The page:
We found a positive association between preparedness and awareness of community physical activity resources; more than one-third of primary care providers who strongly agreed they felt prepared also strongly agreed they were aware of such resources. Although only 10% of primary care providers who felt prepared reported lack of knowledge about resources as their primary barrier to recommending physical activity, this percentage nearly doubled among primary care providers who were neutral or disagreed. Awareness of community resources may be particularly important, because receiving information about such resources in conjunction with advice to engage in activity can be more helpful to patients than physical activity–related counseling alone (21). Increasing primary care provider awareness of national, state, and local resources for people with disabilities (eg, YMCAs, local chapters of Special Olympics, Arthritis Foundation programs, accessible parks and recreations centers) may assist primary care providers in feeling more prepared to address and discuss physical activity options with their patients with disabilities. Additionally, public health programs and other organizations have resources to help primary care providers prepare to discuss physical activity with their patients with disabilities, including the National Center on Health, Physical Activity and Disability’s Physician Toolkit (23), Exercise is Medicine (24), and CDC’s Disability and Health Physical Activity website (25).
The most frequently reported category of barriers was patient-related. One such barrier was the perception that patients with disabilities have other immediate health needs. Although intensive behavioral counseling on physical activity is not explicitly recommended for the general population (26), it is for those at high risk for certain chronic conditions, such as cardiovascular disease (27,28). Because many chronic conditions, including cardiovascular disease, are more prevalent among adults with disabilities than among adults without disabilities (5,12), primary care providers might consider focusing on the chronic condition risk status of their patients with disabilities in considering physical activity counseling for this population.
Other patient-related barriers were perceptions that patients lack interest or are unable to participate in physical activity. One possible solution may be to weave a recommendation for physical activity into discussions of other related health issues, such as falls, balance, and endurance, rather than addressing physical activity separately (29). Merging these discussions may also assist primary care providers who cite lack of time as their primary barrier (16% of primary care providers in our study). In addition, some patients with disabilities may be unable to participate in the amounts of physical activity recommended by the Guidelines. Most (81.5%) primary care providers in our study were not able to identify the current aerobic physical activity guideline, and the survey did not ask primary care providers how much physical activity they are recommending to their patients with disabilities. The Guidelines state that adults with disabilities should participate in physical activity as they are able and avoid inactivity (1). Primary care providers can help patients with disabilities identify activities consistent with their abilities and encourage them to participate in shorter bouts of activity to increase their activity level. Furthermore, because socioeconomic disparities (ie, lower income and levels of education) (5) exist between adults with disabilities and adults without disabilities, adults with disabilities may face additional barriers, such as costs and transportation (30). Recommendation of a home-based program (30) or a low-cost accessible community program (25) may support patient participation.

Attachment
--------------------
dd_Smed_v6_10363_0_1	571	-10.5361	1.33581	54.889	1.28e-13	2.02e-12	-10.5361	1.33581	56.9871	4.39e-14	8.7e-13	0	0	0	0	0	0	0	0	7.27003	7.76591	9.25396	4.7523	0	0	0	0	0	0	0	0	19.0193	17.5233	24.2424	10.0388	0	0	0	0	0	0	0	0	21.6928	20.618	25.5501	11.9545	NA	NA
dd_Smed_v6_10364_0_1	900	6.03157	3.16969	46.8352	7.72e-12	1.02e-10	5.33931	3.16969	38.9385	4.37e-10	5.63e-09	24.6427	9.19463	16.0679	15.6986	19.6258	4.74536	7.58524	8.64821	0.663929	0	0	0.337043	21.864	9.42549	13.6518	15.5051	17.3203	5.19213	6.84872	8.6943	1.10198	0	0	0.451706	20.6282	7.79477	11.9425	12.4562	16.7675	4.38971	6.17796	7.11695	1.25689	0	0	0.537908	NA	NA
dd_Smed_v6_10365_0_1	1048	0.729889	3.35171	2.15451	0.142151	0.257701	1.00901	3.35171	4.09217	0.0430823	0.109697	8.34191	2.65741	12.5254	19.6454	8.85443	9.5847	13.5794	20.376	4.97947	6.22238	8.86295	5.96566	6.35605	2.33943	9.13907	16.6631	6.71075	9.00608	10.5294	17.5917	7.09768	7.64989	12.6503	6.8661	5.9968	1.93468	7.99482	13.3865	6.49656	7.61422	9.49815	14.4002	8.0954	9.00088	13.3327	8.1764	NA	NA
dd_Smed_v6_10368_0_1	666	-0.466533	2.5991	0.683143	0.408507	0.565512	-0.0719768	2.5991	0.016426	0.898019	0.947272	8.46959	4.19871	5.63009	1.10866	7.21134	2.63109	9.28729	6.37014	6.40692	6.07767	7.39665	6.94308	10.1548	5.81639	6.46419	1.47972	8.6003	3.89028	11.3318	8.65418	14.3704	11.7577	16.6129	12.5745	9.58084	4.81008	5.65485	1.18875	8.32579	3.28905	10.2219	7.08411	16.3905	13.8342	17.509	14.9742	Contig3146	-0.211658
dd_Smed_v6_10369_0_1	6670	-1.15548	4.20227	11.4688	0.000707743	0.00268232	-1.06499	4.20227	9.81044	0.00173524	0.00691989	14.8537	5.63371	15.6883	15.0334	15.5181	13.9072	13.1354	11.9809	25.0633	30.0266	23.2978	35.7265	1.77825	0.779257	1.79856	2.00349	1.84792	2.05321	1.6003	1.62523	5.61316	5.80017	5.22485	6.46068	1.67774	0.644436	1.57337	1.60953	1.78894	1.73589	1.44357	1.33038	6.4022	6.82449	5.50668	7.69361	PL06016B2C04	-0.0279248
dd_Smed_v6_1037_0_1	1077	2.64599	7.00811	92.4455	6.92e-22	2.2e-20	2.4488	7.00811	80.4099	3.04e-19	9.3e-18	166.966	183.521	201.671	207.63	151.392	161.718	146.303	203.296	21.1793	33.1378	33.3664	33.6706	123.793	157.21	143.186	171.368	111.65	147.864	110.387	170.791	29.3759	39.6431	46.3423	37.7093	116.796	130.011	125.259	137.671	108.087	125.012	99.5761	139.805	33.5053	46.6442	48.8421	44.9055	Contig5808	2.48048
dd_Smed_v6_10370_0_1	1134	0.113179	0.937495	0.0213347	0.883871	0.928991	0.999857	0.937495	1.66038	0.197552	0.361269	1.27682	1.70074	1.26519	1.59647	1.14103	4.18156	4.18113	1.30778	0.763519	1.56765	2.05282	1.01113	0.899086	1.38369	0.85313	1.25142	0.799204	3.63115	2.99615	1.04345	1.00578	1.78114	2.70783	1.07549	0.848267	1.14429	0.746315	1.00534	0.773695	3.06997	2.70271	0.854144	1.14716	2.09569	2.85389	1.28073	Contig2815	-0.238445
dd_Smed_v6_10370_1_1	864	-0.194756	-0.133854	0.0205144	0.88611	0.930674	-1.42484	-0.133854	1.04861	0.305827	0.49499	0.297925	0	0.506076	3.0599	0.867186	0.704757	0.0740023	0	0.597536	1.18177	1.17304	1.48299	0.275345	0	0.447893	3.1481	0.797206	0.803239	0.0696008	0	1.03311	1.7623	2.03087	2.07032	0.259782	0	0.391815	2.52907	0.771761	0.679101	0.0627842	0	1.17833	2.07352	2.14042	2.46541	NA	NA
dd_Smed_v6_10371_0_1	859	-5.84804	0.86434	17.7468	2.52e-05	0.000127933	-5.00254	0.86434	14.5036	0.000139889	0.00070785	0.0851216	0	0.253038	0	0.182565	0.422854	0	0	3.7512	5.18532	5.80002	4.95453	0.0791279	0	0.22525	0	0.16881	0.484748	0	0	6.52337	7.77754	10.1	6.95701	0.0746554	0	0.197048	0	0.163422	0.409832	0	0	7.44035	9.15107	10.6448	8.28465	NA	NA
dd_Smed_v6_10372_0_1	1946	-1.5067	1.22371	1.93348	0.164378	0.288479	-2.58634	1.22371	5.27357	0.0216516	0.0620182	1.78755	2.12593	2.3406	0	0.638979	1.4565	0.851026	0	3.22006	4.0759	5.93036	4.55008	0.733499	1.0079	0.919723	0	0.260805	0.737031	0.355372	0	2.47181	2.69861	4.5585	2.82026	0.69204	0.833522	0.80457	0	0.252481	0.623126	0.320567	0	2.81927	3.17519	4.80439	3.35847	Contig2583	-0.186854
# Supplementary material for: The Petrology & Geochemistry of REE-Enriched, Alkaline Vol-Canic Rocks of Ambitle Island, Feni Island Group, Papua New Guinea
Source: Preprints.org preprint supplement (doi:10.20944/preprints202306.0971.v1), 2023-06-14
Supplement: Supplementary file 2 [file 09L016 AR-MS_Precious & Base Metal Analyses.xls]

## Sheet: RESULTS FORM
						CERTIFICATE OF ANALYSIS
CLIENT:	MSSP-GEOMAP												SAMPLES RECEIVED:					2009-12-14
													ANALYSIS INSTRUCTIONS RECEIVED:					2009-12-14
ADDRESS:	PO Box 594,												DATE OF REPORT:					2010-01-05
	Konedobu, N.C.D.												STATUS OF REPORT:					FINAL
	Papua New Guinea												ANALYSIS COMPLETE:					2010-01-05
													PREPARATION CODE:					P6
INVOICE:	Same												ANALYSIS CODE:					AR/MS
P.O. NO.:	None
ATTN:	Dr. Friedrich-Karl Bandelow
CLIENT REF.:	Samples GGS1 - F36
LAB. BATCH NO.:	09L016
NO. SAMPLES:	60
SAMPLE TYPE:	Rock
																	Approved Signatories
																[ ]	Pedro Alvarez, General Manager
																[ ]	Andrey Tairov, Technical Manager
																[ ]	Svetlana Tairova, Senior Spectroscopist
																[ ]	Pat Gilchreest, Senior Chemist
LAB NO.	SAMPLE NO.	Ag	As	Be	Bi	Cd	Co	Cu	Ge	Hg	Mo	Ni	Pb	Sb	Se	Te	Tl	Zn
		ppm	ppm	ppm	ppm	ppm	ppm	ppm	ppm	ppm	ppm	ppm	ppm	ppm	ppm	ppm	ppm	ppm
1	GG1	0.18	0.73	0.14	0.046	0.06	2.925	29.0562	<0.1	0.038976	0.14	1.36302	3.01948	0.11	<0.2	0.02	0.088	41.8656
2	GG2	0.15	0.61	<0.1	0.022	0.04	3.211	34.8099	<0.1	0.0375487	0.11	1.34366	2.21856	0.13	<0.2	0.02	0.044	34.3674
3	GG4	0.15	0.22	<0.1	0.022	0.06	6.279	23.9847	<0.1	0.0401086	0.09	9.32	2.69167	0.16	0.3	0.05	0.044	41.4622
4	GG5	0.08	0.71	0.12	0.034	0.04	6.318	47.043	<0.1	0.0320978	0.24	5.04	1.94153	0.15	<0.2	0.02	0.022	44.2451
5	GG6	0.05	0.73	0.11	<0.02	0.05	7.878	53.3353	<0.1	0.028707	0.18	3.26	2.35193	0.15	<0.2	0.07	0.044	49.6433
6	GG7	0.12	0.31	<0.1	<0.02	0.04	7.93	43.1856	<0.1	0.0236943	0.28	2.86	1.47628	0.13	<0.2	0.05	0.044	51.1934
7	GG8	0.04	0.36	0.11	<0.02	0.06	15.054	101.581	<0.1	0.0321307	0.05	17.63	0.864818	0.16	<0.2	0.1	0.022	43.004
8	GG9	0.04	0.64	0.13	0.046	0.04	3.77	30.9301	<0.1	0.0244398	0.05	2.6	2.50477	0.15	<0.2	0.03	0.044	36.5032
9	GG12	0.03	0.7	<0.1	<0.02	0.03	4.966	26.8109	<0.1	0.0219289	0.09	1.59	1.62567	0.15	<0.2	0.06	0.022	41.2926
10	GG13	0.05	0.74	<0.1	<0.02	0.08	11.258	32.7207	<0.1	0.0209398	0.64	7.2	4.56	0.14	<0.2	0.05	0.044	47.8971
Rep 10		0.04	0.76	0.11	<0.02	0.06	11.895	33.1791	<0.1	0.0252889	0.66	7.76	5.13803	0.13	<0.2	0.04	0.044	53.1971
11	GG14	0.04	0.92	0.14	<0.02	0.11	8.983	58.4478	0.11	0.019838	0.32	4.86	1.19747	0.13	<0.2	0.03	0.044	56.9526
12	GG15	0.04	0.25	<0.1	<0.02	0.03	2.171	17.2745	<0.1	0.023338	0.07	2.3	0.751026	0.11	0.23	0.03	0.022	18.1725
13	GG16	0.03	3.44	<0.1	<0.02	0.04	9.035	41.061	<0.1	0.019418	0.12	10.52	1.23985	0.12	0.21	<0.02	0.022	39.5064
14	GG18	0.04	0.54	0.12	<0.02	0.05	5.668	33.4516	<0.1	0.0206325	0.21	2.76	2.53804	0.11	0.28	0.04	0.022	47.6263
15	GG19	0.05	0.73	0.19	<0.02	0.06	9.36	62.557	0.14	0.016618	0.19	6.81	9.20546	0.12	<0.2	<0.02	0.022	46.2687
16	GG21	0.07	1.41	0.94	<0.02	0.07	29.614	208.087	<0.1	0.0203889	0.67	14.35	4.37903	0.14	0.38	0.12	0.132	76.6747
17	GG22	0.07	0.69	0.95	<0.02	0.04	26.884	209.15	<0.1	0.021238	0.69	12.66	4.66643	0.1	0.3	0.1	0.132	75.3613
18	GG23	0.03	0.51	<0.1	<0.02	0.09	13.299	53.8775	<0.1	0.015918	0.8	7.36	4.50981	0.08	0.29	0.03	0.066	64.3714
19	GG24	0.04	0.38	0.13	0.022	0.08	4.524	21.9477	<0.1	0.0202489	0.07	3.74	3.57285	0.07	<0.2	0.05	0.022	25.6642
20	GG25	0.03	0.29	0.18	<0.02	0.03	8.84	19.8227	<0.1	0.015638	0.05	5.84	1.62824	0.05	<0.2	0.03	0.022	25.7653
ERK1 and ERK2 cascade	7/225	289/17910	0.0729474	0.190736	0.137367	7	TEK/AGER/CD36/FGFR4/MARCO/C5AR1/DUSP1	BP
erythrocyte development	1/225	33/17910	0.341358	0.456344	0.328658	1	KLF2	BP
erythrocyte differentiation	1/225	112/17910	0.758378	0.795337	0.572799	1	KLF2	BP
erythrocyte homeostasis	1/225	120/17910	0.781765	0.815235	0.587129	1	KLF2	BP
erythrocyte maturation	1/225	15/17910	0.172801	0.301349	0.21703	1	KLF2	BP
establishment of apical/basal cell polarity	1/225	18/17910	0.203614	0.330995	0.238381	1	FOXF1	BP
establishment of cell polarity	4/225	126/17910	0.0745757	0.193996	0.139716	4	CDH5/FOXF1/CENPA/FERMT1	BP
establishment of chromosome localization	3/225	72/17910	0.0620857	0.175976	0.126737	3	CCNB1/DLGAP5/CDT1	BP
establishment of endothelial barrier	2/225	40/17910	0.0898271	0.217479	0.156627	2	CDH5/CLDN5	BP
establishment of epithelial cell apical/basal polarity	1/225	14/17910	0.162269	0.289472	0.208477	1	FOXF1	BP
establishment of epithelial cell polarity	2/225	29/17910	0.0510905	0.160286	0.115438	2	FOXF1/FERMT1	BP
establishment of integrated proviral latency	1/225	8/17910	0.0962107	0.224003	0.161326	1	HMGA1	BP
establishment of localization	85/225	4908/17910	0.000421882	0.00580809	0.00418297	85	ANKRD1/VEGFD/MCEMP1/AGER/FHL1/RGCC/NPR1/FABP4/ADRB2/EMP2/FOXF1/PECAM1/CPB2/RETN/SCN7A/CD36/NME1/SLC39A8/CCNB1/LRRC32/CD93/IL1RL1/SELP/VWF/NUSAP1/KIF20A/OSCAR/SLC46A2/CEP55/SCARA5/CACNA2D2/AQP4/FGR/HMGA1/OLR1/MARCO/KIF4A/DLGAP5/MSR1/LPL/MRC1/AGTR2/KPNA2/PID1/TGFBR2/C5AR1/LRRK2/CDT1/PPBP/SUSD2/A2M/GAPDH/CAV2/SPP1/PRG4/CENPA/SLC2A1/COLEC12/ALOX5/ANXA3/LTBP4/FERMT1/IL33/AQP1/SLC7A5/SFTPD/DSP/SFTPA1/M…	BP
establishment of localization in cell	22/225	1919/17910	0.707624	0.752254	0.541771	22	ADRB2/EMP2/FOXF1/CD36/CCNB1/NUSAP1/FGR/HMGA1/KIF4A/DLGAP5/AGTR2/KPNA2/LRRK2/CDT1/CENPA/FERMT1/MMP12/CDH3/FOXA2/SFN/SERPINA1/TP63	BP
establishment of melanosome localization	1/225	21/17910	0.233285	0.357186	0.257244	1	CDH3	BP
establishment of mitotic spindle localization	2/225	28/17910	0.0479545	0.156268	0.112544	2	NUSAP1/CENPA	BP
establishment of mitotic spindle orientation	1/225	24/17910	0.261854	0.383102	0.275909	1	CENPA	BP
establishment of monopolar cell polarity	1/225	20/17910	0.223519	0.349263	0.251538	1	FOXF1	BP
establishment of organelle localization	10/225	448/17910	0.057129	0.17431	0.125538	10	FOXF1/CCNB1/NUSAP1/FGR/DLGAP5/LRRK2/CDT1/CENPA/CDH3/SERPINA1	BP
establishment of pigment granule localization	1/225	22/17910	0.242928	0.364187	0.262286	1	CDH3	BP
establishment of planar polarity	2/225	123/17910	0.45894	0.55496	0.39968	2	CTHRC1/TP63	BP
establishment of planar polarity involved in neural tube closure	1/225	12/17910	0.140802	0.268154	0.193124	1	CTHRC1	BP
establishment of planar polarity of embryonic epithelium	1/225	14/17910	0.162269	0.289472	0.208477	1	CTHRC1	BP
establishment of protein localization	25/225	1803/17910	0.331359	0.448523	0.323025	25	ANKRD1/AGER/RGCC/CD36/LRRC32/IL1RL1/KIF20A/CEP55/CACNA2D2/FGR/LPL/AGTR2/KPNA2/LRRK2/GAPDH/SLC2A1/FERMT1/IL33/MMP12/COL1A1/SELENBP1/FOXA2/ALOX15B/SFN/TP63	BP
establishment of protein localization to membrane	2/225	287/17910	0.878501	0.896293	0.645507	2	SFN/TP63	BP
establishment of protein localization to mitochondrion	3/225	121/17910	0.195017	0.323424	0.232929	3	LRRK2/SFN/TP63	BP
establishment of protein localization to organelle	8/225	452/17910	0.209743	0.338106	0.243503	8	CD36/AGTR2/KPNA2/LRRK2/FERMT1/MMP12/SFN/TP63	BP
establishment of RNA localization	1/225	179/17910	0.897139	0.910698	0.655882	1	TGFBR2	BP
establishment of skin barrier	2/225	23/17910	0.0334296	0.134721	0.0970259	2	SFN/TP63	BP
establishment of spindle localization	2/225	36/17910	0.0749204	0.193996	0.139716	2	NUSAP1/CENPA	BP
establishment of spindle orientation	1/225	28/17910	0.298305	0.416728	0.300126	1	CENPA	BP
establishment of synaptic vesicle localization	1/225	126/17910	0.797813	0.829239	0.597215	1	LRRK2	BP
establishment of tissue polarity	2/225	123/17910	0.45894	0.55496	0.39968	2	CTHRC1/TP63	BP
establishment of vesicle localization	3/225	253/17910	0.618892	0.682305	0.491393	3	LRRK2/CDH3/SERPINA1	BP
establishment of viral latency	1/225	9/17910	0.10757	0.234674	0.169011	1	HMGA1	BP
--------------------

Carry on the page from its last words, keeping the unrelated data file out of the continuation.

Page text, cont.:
This study has several limitations. First, our results may not be representative of all US health professionals, and they may reflect only the perspectives of primary care providers. In addition, because the sample was not randomly selected, the primary care providers who participated may differ from those who did not participate. However, the distribution of age, sex, years of practice, and regional locations of the 2014 DocStyles sample was similar to that of the 2014 American Medical Association master file (20). Second, our results may be subject to nonresponse bias; primary care providers who participated may have answered survey questions differently than primary care providers who did not participate. Third, responses are self-reported and may be subject to social desirability bias, thus, certain items may have been overreported or underreported. Fourth, all responses are from the perspective of the primary care provider and may not represent their patients’ perspectives. Finally, DocStyles questions are not evaluated for reliability or validity. However, DocStyles is developed with input from clinical medicine and public health experts and provides a unique perspective of US health professionals.